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In wastewater applications, siphons work to divert sewage under large obstructions such as rivers or streams. In such applications, a siphon structure serves as a basin that collects sewage on one side, then delivers it through underground pipes to a slightly more elevated basin on the other side using atmospheric pressure.
A Leaky Siphon
The San Antonio Water System (SAWS) makes use of a siphon capable of 92 million gal per day (mgd) in its Historic Mission Reach area.
Installed in the 1940s, this 54-in. double-barrel siphon diverts roughly 21 to 40 mgd of sewage under the San Antonio River. Though it had been successfully repaired throughout its years of service, the siphon showed signs of leaking in late 2006. SAWS determined that the structure was irreparable and needed to be replaced as soon as possible.
“We realized that we were continuing to make repairs to a leak at the base of this structure, and that there was the potential for creating a larger problem if we kept trying to make repairs to it,” said Ernesto Leal, superintendent for SAWS. “Obviously, we wanted to proactively avoid a catastrophic event.”
A Reliable Solution
SAWS elected to replace its failing high-flow siphon structure with newer technology that depends on buried fiberglass pipe. When the pipe is in place, the fiberglass makeup will deliver the flow of sewage through the line more quickly than the previous concrete structure. In addition, having the pipe buried underground presents less surface exposure to sewage overflow.
The SAWS management team—including Leal, Mike Sellers and Gordon Mahan—developed a plan to dig and replace the structure. At the same time, they called on Godwin Pumps—on contract with the organization—to provide a bypass solution that would divert the maximum peak flow of 40 mgd, with ability to handle wet peak flows of 70 to 92 mgd.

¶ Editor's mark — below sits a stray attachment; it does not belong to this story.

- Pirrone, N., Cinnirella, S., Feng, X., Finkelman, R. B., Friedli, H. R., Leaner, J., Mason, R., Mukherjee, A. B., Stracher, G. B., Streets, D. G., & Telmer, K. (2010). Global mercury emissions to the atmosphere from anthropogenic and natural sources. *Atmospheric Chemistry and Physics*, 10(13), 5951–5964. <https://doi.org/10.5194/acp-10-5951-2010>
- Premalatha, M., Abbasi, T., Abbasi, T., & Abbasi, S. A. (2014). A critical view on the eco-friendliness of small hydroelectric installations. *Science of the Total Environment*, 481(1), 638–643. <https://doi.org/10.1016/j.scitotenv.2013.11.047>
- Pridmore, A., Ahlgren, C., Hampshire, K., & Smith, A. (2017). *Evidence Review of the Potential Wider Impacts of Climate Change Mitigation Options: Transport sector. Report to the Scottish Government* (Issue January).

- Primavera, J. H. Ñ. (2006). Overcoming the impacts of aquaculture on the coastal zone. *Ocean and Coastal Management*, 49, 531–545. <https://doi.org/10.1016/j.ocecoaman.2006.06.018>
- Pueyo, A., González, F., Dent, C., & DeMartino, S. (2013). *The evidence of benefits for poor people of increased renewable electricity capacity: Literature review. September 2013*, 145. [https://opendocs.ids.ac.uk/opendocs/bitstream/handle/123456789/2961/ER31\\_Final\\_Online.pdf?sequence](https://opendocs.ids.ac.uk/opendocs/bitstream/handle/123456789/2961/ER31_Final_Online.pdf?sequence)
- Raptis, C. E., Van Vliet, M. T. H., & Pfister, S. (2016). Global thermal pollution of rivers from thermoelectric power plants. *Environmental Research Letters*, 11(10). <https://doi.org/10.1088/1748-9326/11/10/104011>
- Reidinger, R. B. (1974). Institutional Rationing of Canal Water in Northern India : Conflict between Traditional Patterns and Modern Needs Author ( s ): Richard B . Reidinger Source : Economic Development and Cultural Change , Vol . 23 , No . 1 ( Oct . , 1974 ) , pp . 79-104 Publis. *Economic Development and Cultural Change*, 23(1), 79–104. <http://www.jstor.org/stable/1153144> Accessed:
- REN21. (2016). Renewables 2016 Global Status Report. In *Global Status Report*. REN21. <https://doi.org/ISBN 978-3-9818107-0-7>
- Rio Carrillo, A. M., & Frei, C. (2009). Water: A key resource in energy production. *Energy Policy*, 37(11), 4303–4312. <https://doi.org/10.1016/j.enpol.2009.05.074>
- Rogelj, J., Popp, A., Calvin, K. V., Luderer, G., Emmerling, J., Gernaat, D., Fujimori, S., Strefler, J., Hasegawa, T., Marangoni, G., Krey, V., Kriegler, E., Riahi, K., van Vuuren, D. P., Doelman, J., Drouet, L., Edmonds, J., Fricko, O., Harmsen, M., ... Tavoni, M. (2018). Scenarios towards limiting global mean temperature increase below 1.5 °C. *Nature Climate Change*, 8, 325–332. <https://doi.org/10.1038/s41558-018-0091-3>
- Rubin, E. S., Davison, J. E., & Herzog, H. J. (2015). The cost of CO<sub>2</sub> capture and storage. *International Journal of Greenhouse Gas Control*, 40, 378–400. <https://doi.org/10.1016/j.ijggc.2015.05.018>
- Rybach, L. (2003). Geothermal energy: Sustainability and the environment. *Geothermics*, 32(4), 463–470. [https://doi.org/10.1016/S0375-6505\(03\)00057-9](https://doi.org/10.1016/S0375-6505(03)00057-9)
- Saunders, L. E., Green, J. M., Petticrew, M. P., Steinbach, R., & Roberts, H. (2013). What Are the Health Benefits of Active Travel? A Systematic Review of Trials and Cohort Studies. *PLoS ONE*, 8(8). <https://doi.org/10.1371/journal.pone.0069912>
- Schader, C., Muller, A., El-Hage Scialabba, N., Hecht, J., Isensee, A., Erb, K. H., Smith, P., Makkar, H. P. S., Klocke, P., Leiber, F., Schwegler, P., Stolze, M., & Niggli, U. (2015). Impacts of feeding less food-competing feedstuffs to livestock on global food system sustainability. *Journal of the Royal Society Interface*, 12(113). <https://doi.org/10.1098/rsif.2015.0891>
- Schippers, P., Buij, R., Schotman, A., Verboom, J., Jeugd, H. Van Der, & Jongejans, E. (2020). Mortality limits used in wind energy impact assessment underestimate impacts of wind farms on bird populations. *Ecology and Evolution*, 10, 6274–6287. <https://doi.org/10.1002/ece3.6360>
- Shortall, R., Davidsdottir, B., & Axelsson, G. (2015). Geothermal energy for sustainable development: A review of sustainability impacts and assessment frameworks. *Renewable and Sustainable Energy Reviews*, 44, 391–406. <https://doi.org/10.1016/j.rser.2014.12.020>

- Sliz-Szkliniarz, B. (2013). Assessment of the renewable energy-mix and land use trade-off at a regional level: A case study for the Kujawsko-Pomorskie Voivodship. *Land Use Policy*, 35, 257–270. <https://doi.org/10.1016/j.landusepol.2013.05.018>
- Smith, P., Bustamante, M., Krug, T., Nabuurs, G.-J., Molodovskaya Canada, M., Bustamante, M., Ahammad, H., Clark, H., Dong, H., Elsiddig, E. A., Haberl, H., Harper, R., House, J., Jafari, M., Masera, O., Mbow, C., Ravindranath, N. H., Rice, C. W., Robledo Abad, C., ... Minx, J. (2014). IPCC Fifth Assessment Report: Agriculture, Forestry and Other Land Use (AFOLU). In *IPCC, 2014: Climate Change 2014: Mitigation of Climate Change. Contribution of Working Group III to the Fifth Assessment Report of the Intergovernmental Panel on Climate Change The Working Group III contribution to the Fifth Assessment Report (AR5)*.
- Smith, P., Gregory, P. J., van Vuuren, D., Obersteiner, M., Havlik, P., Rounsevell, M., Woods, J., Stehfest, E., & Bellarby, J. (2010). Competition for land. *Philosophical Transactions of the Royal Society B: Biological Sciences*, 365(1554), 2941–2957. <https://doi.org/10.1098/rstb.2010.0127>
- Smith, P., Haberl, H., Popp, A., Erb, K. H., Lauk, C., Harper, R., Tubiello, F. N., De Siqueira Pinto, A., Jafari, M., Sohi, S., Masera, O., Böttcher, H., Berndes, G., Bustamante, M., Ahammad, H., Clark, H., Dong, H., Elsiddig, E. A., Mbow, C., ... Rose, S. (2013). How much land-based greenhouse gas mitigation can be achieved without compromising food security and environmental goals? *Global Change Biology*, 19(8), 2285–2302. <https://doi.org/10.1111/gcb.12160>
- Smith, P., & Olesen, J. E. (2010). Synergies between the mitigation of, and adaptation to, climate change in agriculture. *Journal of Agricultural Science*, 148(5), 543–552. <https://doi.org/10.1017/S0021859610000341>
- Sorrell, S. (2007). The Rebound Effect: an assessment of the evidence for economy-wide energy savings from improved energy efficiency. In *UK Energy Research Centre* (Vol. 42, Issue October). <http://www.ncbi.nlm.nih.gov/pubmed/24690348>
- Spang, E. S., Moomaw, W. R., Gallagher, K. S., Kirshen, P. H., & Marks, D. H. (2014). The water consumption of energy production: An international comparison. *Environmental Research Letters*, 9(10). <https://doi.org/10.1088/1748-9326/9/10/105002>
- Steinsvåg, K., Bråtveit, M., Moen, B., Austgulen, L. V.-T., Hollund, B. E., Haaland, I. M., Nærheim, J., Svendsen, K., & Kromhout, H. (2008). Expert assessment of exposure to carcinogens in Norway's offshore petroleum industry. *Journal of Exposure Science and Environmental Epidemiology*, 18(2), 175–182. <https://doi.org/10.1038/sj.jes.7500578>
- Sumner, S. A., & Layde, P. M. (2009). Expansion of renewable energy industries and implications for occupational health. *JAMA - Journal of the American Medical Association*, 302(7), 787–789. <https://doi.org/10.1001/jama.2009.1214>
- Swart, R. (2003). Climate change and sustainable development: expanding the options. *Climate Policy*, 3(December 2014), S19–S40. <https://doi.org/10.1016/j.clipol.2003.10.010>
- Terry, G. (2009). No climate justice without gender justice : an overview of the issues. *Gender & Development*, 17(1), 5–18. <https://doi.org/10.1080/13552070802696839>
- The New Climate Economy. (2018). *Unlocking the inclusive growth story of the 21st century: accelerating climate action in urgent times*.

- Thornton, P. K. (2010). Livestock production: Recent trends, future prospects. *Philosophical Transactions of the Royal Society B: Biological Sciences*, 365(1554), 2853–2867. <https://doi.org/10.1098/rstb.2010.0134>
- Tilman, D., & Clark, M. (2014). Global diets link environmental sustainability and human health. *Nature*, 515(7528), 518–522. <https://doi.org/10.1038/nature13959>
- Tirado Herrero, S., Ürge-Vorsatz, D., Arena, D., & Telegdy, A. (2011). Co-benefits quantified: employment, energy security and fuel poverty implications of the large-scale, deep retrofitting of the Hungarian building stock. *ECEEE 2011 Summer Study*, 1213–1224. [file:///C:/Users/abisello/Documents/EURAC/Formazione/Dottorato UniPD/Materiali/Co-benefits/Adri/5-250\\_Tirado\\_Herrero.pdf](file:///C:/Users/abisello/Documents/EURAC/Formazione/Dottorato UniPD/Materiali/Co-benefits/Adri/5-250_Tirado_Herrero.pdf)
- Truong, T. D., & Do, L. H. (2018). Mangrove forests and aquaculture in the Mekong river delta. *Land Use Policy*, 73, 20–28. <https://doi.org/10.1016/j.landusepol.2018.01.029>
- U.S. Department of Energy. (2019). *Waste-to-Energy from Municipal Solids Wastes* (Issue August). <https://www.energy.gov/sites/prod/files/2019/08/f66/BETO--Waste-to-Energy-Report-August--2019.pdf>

A Large Bypass
“I have been working with SAWS since 1992,” said Godwin Pumps San Antonio Branch Manager Greg White. “However, this is by far the largest bypass we have designed for them, and it involved crossing the San Antonio River, which presented a challenge.”
Within 20 days of receiving the call from SAWS, Godwin had designed, delivered and installed a complete system that included 12 Critically Silenced Dri-Prime CD300M (12-by-12-in.) pumps and four open-unit CD300M pumps for standby. Each pump is capable of delivering flows to 6,000 gpm and heads to 200 ft.
Powered by Caterpillar C-9 engines, the pumps were equipped with PrimeGuard controllers. The PrimeGuard is a digital control system that can be programmed to vary pump and diesel-engine speed based on input from level floats, allowing the pumps to start and stop automatically without an operator. These controllers came in handy on Feb. 1, 2009, when the use of more pumps was required to keep up with the extraordinary flow that was generated during the Superbowl.
In addition to the diesel-driven pumpsets, Godwin installed five 18-in. and two 24-in. high-density polyethylene (HDPE) pipes, each running 3,800 ft for a total of five miles of pipe. While a majority of the HDPE pipe setup was routine, the pipe did eventually have to cross the San Antonio River.
The pumps were situated upstream of the leaking siphon, intercepting the flow from the two 54-in. lines through a custom-designed and -built concrete suction pit. Bypass pumping began on Nov. 5, 2008, and ended on March 6, 2009, after the new 54-in. fiberglass siphon structure installation was completed.
“Our short-term goal was to bypass the leak at the old siphon structure and to prevent sewer from spilling into the San Antonio River,” Leal said. “In the long run, we are also looking to increase sewer flow with the new siphon.”
Making use of a custom-built suction pit and automatic self-priming pumps with digital controllers, and installing the latest in fiberglass pipe technology, SAWS has taken this Historic Mission Reach project to test the effectiveness of “new technology” and is happy to report success.